In 1225, the Teutonic Knights, a military order of crusading knights, headquartered in the Kingdom of Jerusalem at Acre transferred their operations to the Baltic Sea where Order engaged in numerous armed conflicts until Order's lands came into the hands of a branch of the Hohenzollern family, who already ruled the Brandenburg. The resulting state, known as Brandenburg-Prussia, commonly known as "Prussia", consisted of geographically disconnected territories in Prussia, Brandenburg, and the Rhineland. During the Thirty Years' War (1618–1648), armies repeatedly marched across the territories so Hohenzollerns had to build a powerful military to protect disconnected lands. "Prussia" developed one of the most powerful armies in Europe. Mirabeau said: "Prussia, is not a state with an army, but an army with a state." More than 20,000 Protestant refugees from Salzburg settled in thinly populated eastern Prussia. Prussia engaged in wars with Poland, Lithuania, numerous German States, Habsburg Austria, France, and Russia proving Prussia's status as one of the great powers of Europe. By 1813, Prussia could mobilize almost 300,000 soldiers. Prussian troops contributed crucially in the Battle of Waterloo - the final victory over Napoleon. Prussia invited the immigration of Protestant refugees (especially Huguenots). For protestants, Prussia was a safe haven in much the same way that the United States welcomed immigrants seeking freedom in the 19th century. Frederick the Great, the first "King of Prussia" introduced a general civil code, abolished torture and established the principle that the Crown would not interfere in matters of justice. He promoted an advanced secondary education which prepares the brightest pupils for university studies. The Prussian education system was emulated in various countries, including the United States. The first half of the 19th century saw a prolonged struggle between those who wanted a united Germany and others who wanted to maintain Germany as a patchwork of independent, monarchical states with Prussia and Austria competing for influence. In 1862 Prussian King Wilhelm I appointed Otto von Bismarck as Prime Minister. Bismarck guided Prussia through a series of wars resulting in a formation of the North German Confederation that united all German-speaking peoples, excluding Austria, which remained connected to non-German territories. On 18 January 1871, William was proclaimed "German Emperor". World War I ended Prussia’s supremacy. The abolition of the political power of the aristocracy transformed Prussia into a region strongly dominated by the left-wing of the political spectrum. Prussia lost territories and became a Land under the Weimar Republic. After the rise to power of Adolf Hitler in 1933, the Prussian constitution was set aside and the legislature abolished. World War II led to the abolition of Prussia with most the land ceded over to Poland. The German population was expelled and fled to the Western occupation zones. The number of casualties is estimated at 2 to 4 million, including those who fled during the last months of the war. 25 February 1947, Prussia was officially proclaimed to be dissolved.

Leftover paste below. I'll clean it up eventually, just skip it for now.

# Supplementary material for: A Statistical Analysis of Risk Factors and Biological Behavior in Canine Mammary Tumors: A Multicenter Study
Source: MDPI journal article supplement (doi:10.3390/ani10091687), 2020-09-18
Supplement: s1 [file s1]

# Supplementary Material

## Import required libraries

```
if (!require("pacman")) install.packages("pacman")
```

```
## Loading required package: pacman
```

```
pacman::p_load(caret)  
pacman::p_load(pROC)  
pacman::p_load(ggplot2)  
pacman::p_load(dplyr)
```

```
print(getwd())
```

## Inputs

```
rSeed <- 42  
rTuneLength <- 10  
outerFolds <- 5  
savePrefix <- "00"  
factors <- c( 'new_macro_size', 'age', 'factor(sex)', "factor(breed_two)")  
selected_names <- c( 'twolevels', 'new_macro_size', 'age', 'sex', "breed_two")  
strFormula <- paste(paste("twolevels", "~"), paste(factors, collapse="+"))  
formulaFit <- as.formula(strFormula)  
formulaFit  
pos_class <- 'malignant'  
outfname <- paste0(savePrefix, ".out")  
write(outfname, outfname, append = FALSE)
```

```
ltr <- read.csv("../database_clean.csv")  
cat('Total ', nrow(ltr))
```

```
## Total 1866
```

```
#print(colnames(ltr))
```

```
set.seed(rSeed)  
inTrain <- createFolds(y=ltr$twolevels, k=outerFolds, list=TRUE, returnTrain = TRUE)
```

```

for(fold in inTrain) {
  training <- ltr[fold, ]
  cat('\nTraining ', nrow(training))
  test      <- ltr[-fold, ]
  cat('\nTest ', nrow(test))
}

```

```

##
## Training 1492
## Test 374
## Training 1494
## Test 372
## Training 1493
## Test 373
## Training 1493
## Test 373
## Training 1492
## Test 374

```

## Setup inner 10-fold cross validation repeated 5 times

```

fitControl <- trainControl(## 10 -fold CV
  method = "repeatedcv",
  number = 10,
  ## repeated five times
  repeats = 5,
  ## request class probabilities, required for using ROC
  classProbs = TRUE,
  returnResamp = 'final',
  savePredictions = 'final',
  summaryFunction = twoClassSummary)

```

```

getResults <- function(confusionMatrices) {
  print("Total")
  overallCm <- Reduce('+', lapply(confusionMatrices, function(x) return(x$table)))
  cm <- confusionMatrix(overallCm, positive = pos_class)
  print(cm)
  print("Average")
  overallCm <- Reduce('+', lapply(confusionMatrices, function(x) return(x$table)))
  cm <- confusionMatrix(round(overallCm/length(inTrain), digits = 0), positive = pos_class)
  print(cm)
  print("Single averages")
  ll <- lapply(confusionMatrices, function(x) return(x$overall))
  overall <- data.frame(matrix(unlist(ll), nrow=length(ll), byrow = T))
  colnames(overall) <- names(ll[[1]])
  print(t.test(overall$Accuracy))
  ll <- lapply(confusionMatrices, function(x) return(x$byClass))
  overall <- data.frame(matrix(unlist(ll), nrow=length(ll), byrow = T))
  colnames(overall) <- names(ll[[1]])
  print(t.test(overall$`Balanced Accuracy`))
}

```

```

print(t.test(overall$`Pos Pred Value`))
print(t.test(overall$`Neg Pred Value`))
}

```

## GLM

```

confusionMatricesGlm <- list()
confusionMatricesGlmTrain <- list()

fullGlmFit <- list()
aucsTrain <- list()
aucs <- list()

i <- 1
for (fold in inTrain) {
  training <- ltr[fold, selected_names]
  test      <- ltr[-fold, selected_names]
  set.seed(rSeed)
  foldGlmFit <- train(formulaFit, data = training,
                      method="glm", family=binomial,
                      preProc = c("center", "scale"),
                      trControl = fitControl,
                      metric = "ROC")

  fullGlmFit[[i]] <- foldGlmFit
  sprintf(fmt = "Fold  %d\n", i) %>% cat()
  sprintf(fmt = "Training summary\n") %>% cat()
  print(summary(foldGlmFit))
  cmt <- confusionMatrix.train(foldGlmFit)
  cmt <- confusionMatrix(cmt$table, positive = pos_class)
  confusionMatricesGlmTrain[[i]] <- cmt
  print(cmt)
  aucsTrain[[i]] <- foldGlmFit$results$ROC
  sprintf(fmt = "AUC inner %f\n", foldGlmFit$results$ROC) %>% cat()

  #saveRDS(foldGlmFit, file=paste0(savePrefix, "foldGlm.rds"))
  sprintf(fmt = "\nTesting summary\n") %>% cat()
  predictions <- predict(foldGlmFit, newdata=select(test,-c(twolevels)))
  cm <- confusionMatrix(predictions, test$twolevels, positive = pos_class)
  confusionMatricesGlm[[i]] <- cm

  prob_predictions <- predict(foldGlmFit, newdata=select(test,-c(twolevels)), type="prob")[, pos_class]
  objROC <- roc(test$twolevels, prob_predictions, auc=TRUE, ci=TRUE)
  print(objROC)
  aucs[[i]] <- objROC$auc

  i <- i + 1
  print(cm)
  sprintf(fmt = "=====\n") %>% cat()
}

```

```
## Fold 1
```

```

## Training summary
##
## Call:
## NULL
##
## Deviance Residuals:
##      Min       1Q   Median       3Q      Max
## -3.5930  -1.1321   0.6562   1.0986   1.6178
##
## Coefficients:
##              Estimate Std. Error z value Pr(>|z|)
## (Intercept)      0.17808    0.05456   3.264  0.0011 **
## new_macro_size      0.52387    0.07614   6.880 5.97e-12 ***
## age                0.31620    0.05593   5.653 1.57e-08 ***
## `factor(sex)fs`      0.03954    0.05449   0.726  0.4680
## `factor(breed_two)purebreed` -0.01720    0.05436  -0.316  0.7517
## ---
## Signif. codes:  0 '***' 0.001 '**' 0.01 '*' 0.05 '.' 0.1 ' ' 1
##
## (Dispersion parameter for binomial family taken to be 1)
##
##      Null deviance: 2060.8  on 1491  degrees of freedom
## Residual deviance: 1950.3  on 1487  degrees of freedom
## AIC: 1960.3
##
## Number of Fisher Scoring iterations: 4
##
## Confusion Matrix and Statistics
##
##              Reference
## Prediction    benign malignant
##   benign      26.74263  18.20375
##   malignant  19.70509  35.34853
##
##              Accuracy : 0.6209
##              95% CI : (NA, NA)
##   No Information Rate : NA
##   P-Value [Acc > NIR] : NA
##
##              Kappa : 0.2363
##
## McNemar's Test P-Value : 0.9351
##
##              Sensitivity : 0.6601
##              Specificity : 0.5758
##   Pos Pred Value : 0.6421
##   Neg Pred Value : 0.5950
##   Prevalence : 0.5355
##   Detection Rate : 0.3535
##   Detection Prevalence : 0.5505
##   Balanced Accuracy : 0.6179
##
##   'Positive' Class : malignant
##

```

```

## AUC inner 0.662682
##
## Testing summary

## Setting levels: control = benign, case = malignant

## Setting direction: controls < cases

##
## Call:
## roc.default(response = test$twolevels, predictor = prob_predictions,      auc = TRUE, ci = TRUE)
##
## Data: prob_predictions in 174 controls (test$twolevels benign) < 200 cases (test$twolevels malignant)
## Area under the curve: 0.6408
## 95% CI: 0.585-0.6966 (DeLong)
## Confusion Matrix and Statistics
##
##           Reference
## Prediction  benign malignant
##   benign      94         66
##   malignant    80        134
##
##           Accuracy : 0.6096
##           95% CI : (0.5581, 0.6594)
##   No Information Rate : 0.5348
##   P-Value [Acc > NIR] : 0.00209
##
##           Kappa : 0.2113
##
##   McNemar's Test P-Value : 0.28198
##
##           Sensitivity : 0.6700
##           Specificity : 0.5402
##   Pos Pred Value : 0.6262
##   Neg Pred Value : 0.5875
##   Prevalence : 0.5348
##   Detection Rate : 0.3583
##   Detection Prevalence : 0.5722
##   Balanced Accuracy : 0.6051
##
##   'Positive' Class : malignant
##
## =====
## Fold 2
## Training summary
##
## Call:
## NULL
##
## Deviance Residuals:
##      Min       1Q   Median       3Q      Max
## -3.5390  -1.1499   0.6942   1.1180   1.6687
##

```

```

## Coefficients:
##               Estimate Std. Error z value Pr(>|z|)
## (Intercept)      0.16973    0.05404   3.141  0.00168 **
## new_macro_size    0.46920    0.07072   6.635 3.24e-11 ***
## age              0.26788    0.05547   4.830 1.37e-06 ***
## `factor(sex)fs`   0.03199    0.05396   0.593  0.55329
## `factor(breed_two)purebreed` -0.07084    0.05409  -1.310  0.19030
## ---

The Detroit Publishing Company was started by publisher William A. Livingstone and photographer Edwin H. Husher. ln 1905 that the company called itself the Detroit Publishing Company. The best-known photographer for the company was William Henry Jackson, who joined the company in 1897. The company acquired exclusive rights to use a form of photography processing called Photochrom. Photochrom allowed for the company to mass-market postcards and other materials in color. We at GetArchive are admirers of their exceptional high-resolution scans of glass negatives collection from the Library of Congress. By the time of World War I, the company faced declining sales both due to the war economy and the competition from cheaper, more advanced printing methods. The company declared bankruptcy in 1924 and was liquidated in 1932.